Let's Fangirl

Cosplaying Around The World: Australia

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Jordan is an ‘all things nerdy’ enthusiast who loves dragons, kicking ass in Super Smash Bros., SCIENCE! and contributing to KeepItNerdy.com.


At different times of the year around Melbourne, you’ll find a group of superheroes chatting casually at Flinders or you might stroll past Harry Potter. You’ll see them hurrying from stations and tram stops, heading usually towards the Convention Center or the Flemington Race Course. A lady dressed in purple striped steam punk attire might walk past with a man who impressively looks like he is straight out of the video game Assassins Creed. This scene is repeated in Sydney, Adelaide, Brisbane, and Perth when convention season is in full swing and cosplayers from all over Australia come together to showcase their designs and enjoy the company of fellow costume enthusiasts.

Cosplay, the combination of the words costume and play, is the art of designing and wearing replicated outfits of characters from different fictional worlds or stories. Though the costumes look as though professionals have created them, most cosplayers learn how to design as they go and put countless hours into their creations.

Saerianne, a cosplayer and graphic design student from New South Wales, says ‘depending on the complexity of the character it can take from a few weeks to a few months’. She started cosplaying when she was thirteen, and wanting to create the character Asuka Soryu Langley from the Japanese anime Neon Genesis Evangelion, she taught herself the basics of sewing and how to use a sewing machine.

“I grew up playing games and watching anime in the morning before school. Shows like Pokemon, Digimon, Transformers, Sailor Moon…  I discovered cosplay in Australia… and immediately knew that I wanted to attend a convention. Since then, I’ve been having a blast bringing my favourite characters to life. It’s such a thrill spending a day as a character close to your heart,” She says.

One of the aspects of cosplay that Saerianne has found makes it so enjoyable, are the friendships and memories that have been created over the years. In 2013, she and her friends made the sixteen-hour road trip to the Gold Coast Supernova, where she got to meet the staff and professional players of the popular online game League of Legends, particularly memorable as her favourite cosplay is of the character Victorious Janna from the game.

“The community itself is very welcoming and inviting,” she says, “I’d say that the cosplay scene in Australia is definitely growing and spreading,”

A sentiment echoed by Melbourne based cosplayer Teagan Malkoutzis, “After the Melbourne Supernova, we got to three thousand active members on our Cosplay Facebook group, we have a really great Facebook community.”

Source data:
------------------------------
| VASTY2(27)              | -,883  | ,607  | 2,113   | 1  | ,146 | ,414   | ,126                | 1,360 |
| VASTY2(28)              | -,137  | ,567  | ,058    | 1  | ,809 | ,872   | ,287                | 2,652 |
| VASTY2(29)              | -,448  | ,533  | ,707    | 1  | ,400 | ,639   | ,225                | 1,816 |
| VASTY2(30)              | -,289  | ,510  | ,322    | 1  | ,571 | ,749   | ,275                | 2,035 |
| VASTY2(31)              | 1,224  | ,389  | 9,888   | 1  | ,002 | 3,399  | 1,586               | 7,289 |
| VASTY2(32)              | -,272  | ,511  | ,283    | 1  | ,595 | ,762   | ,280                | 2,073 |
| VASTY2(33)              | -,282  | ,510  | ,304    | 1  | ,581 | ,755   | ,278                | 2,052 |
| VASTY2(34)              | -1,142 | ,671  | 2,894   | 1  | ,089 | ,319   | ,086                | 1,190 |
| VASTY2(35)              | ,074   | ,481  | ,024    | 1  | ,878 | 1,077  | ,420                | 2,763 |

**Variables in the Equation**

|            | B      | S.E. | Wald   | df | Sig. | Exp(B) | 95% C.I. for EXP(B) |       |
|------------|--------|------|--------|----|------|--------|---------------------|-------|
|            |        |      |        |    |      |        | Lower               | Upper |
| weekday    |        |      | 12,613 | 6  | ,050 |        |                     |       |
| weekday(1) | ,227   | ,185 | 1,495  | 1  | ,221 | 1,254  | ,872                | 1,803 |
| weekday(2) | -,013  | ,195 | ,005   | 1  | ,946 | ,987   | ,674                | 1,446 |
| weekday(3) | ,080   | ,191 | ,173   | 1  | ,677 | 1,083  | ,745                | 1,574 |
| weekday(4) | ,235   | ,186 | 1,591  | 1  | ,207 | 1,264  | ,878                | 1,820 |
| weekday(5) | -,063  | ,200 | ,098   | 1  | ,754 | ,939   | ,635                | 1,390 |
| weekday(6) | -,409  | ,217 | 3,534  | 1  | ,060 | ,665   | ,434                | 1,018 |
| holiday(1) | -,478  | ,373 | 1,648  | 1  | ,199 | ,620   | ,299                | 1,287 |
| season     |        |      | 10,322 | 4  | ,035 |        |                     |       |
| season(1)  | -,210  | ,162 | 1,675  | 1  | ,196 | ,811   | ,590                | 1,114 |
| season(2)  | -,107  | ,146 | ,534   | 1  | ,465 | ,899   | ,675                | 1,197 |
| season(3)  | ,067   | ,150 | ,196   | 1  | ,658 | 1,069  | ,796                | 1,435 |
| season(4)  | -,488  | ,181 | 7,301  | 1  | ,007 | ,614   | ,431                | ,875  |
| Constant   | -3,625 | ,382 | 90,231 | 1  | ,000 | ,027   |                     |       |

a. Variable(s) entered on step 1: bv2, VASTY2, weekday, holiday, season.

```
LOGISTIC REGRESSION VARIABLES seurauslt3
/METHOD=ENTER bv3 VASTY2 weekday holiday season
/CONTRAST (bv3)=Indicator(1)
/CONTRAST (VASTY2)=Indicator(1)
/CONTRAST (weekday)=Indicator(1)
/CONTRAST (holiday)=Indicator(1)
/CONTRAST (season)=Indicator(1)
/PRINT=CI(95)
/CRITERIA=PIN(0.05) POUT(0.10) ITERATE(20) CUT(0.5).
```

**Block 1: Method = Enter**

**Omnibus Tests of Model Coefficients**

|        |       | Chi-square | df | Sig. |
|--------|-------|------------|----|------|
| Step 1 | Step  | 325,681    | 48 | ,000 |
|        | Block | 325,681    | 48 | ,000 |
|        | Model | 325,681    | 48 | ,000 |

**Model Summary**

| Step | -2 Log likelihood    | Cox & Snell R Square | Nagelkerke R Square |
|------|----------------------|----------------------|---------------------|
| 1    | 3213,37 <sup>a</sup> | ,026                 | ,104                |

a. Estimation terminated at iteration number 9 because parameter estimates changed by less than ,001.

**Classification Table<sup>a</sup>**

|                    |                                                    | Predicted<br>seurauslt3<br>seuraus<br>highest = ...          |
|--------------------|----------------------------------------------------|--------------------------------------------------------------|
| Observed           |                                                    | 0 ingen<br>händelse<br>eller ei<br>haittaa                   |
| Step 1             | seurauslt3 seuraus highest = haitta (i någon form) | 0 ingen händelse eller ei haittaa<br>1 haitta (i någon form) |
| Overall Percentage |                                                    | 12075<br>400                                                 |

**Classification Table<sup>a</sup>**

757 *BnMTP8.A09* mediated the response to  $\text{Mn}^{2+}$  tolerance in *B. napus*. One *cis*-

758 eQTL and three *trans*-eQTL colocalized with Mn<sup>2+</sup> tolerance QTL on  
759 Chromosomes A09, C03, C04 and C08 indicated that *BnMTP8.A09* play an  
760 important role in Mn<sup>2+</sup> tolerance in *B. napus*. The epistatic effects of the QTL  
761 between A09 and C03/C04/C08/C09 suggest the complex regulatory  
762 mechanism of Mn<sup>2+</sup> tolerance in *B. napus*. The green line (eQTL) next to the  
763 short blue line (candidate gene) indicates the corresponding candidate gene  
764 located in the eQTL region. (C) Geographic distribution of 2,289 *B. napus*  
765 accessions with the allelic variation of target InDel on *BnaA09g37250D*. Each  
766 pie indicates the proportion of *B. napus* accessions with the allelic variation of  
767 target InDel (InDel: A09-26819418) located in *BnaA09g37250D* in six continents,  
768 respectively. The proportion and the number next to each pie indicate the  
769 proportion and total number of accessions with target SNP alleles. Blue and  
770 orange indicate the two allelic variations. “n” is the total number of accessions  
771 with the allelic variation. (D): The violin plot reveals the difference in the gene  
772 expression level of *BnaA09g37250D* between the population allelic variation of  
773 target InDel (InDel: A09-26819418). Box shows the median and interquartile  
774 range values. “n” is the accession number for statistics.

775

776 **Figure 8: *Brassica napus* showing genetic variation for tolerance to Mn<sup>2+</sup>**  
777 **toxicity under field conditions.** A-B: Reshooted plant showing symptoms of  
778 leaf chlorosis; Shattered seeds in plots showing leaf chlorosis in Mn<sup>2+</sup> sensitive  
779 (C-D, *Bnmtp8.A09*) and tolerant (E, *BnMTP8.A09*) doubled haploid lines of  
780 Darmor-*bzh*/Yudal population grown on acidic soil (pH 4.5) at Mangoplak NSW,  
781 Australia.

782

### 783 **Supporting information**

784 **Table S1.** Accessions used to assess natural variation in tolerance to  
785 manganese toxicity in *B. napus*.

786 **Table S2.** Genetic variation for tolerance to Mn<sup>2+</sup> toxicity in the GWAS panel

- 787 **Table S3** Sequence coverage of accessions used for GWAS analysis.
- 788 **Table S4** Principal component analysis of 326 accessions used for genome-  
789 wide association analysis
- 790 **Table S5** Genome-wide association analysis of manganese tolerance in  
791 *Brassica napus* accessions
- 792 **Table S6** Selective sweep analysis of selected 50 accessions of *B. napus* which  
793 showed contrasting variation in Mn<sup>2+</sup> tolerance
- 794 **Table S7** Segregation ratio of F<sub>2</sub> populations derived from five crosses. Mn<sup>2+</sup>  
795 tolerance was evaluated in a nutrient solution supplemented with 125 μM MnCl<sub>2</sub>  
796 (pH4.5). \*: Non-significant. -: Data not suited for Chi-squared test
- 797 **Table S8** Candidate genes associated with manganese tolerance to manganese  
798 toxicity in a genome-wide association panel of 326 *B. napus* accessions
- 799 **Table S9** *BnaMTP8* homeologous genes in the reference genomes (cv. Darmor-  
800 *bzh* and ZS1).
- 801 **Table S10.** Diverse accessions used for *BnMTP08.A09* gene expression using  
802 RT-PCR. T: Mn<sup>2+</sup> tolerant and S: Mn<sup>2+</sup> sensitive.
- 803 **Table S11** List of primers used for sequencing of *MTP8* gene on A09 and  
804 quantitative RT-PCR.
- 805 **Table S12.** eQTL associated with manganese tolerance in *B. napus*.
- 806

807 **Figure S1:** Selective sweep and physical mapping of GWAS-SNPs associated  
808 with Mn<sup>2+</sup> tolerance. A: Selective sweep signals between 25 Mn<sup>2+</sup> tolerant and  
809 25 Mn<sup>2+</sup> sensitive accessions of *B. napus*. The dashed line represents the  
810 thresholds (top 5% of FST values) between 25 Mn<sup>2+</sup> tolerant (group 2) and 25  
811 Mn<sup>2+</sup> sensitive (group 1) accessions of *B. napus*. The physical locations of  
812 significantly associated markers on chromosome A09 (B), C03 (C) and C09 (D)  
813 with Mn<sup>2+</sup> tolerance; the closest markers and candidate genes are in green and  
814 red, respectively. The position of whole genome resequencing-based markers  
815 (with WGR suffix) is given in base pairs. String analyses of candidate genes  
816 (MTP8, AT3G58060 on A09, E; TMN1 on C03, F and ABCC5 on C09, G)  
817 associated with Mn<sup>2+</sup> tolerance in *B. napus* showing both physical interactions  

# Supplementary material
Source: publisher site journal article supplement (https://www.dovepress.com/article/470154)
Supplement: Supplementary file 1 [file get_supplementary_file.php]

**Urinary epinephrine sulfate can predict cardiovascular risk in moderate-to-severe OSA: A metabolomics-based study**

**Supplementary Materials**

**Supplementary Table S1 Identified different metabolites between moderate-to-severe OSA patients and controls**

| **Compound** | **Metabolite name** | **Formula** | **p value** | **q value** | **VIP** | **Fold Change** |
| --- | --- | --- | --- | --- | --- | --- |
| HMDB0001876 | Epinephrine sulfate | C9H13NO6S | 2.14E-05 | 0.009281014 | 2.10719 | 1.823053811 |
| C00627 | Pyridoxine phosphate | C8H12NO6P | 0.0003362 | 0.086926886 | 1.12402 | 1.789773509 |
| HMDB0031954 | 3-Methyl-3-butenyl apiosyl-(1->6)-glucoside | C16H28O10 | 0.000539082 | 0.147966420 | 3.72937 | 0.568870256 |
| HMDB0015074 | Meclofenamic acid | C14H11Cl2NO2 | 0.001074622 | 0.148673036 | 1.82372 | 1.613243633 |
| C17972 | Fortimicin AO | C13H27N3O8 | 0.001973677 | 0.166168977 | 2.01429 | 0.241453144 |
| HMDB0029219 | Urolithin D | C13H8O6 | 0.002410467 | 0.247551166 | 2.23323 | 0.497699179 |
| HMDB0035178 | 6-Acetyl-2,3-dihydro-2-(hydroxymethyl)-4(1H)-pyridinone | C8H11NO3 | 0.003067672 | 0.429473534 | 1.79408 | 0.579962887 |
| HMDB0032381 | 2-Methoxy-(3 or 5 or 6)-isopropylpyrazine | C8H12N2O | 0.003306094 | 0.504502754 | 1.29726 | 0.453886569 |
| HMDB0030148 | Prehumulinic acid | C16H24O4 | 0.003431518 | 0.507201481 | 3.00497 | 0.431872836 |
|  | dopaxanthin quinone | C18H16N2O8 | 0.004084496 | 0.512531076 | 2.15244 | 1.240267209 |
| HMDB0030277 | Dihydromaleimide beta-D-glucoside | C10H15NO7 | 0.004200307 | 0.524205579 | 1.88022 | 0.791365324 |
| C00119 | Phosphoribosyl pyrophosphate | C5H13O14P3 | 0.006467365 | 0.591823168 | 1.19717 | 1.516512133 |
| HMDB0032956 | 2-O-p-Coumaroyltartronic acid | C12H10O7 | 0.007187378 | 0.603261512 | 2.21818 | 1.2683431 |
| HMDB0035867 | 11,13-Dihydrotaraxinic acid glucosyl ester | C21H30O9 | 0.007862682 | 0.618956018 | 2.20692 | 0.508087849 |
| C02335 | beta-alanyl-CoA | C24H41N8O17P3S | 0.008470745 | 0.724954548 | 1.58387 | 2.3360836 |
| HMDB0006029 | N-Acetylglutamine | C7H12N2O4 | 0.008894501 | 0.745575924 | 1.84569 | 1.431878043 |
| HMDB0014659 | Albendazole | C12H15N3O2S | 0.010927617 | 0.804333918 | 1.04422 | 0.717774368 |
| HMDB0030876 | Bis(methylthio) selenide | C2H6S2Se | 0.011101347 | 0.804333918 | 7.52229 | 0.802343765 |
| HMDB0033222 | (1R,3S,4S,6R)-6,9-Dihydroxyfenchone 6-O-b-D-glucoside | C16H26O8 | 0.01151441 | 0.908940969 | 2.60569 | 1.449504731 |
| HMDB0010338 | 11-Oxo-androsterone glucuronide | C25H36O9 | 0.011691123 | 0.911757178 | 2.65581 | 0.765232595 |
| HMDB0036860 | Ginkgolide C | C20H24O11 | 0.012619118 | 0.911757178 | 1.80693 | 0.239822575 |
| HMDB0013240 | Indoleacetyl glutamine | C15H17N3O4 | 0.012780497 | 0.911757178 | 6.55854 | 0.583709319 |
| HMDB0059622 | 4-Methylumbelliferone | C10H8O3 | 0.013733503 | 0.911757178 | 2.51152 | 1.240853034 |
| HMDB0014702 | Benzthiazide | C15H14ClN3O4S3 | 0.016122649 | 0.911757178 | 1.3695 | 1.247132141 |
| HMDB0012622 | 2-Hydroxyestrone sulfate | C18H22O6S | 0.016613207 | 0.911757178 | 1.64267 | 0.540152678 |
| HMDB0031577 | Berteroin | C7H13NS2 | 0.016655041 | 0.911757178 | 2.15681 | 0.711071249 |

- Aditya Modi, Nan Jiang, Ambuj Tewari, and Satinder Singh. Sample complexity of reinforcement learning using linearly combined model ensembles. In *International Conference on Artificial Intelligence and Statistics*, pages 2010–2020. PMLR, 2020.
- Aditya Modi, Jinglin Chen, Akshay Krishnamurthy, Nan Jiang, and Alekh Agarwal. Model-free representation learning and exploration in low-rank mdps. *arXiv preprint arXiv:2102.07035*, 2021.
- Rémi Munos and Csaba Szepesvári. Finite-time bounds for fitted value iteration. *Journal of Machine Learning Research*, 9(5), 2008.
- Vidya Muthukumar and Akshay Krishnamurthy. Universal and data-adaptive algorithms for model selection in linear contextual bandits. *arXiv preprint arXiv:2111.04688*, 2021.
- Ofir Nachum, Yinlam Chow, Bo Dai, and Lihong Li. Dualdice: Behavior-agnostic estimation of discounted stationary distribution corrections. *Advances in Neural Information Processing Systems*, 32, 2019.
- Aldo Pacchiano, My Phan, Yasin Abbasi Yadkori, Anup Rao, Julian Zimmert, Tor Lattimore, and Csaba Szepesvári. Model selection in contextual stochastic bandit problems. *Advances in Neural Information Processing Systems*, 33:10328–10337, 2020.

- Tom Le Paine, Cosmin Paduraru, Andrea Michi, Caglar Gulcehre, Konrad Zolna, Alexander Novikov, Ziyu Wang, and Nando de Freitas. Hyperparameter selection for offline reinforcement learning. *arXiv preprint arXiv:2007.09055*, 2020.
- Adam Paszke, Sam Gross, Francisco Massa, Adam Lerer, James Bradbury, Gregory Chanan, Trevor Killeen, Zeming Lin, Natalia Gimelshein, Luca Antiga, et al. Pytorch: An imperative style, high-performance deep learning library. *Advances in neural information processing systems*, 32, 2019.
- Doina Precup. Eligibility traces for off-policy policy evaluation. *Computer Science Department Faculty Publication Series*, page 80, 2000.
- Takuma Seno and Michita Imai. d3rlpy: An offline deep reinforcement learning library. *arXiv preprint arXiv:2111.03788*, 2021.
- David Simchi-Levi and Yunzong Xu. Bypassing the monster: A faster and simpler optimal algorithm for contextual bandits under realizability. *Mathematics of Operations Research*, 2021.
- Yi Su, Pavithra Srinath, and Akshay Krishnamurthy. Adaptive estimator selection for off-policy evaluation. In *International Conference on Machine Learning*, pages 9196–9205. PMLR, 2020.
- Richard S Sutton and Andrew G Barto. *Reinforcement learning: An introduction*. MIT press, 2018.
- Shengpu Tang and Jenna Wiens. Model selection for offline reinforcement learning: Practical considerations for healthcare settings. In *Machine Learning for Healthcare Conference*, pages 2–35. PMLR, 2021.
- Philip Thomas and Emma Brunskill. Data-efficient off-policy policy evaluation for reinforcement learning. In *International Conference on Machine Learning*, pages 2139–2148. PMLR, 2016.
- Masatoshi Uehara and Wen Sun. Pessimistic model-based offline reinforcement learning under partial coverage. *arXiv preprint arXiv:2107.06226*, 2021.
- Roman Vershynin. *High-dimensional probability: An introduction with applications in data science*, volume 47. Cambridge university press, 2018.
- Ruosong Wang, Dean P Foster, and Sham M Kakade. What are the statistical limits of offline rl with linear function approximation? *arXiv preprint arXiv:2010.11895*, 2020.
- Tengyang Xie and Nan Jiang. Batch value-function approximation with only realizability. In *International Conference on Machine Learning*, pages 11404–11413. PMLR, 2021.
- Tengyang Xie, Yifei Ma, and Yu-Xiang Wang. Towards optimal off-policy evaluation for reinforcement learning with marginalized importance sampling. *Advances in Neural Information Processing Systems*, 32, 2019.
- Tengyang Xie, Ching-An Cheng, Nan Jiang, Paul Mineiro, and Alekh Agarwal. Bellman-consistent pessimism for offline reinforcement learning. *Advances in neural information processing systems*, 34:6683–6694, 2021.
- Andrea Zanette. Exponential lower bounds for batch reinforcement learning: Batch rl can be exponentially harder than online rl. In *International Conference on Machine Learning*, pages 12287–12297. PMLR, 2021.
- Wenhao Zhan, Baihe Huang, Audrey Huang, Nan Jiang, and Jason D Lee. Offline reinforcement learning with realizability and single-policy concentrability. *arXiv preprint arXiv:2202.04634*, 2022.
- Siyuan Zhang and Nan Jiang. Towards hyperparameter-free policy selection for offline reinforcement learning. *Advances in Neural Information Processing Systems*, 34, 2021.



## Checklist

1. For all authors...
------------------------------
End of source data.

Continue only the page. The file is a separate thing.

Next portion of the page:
Having attended conventions for seven years, her first being Manifest a convention for Japanese culture back in 2008, Teagan has seen the culture of cosplay grow considerably. She has also witnessed the  different challenges that cosplayers face.

“There were some cosplayers helping out EB Games during their Starlight Campaign where they raise money for the Starlight foundation, and one of the guys had someone walk up to him and tell him to ‘grow up’ because he was twenty and in a costume,” Teagan says.

The stigma surrounding cosplay, and the idea that dressing up is immature, is something all cosplayers must deal with, but not something that they let deter them from doing what they enjoy. While there are challenges they face from outside the community, one of the most prevalent ones comes from within. Many female characters in video games and comics are provocatively dressed and when female cosplayers don their costumes harassment is usually not far away.

“I have had a run in where I’ve had people taking unwanted photos of me, they were taking photos of my bum really without asking me…and they were harassing other girls,” Teagan explains, “Just because I dress provocatively and represent a character properly doesn’t mean you get to treat me like I’m any less of a human being or any less than you. It’s about respect. “

It is not just the women who are subjected to unwanted attention or vulgar comments, male video game characters are usually portrayed as handsome and well built, and male cosplayers also deal with the pressures of body image and the verbal abuse that comes with not attaining a certain standard. The community, however, is actively working to combat the negativity by implementing the ‘Cosplay is not Consent’ campaign encouraging everyone to respect the hard work that has gone into making the costumes instead of dragging people down for what their bodies look like.

Another great initiative to come out of the cosplay community is the group called Medic. Established by prominent cosplayer Eve Beauregaurd the group unites cosplayers from around the world and uses social media to promote different charities. This month, they’re participating in Kiss Goodbye to MS.

“So we wear red lipstick, and every time we post a photo of red lipstick we’ll link the page and tell people to donate and just bring awareness to MS. We’ve already surpassed our goal of 2000 dollars in just over a week,” She smiles, “It’s amazing!”

The cosplayers of Melbourne and Australia have created a community that celebrates the characters they admire and the talent required to create the costumes they wear. Despite the long hours, effort, and challenges that can come with cosplaying, the camaraderie, charitable culture, and creativity makes it worth it.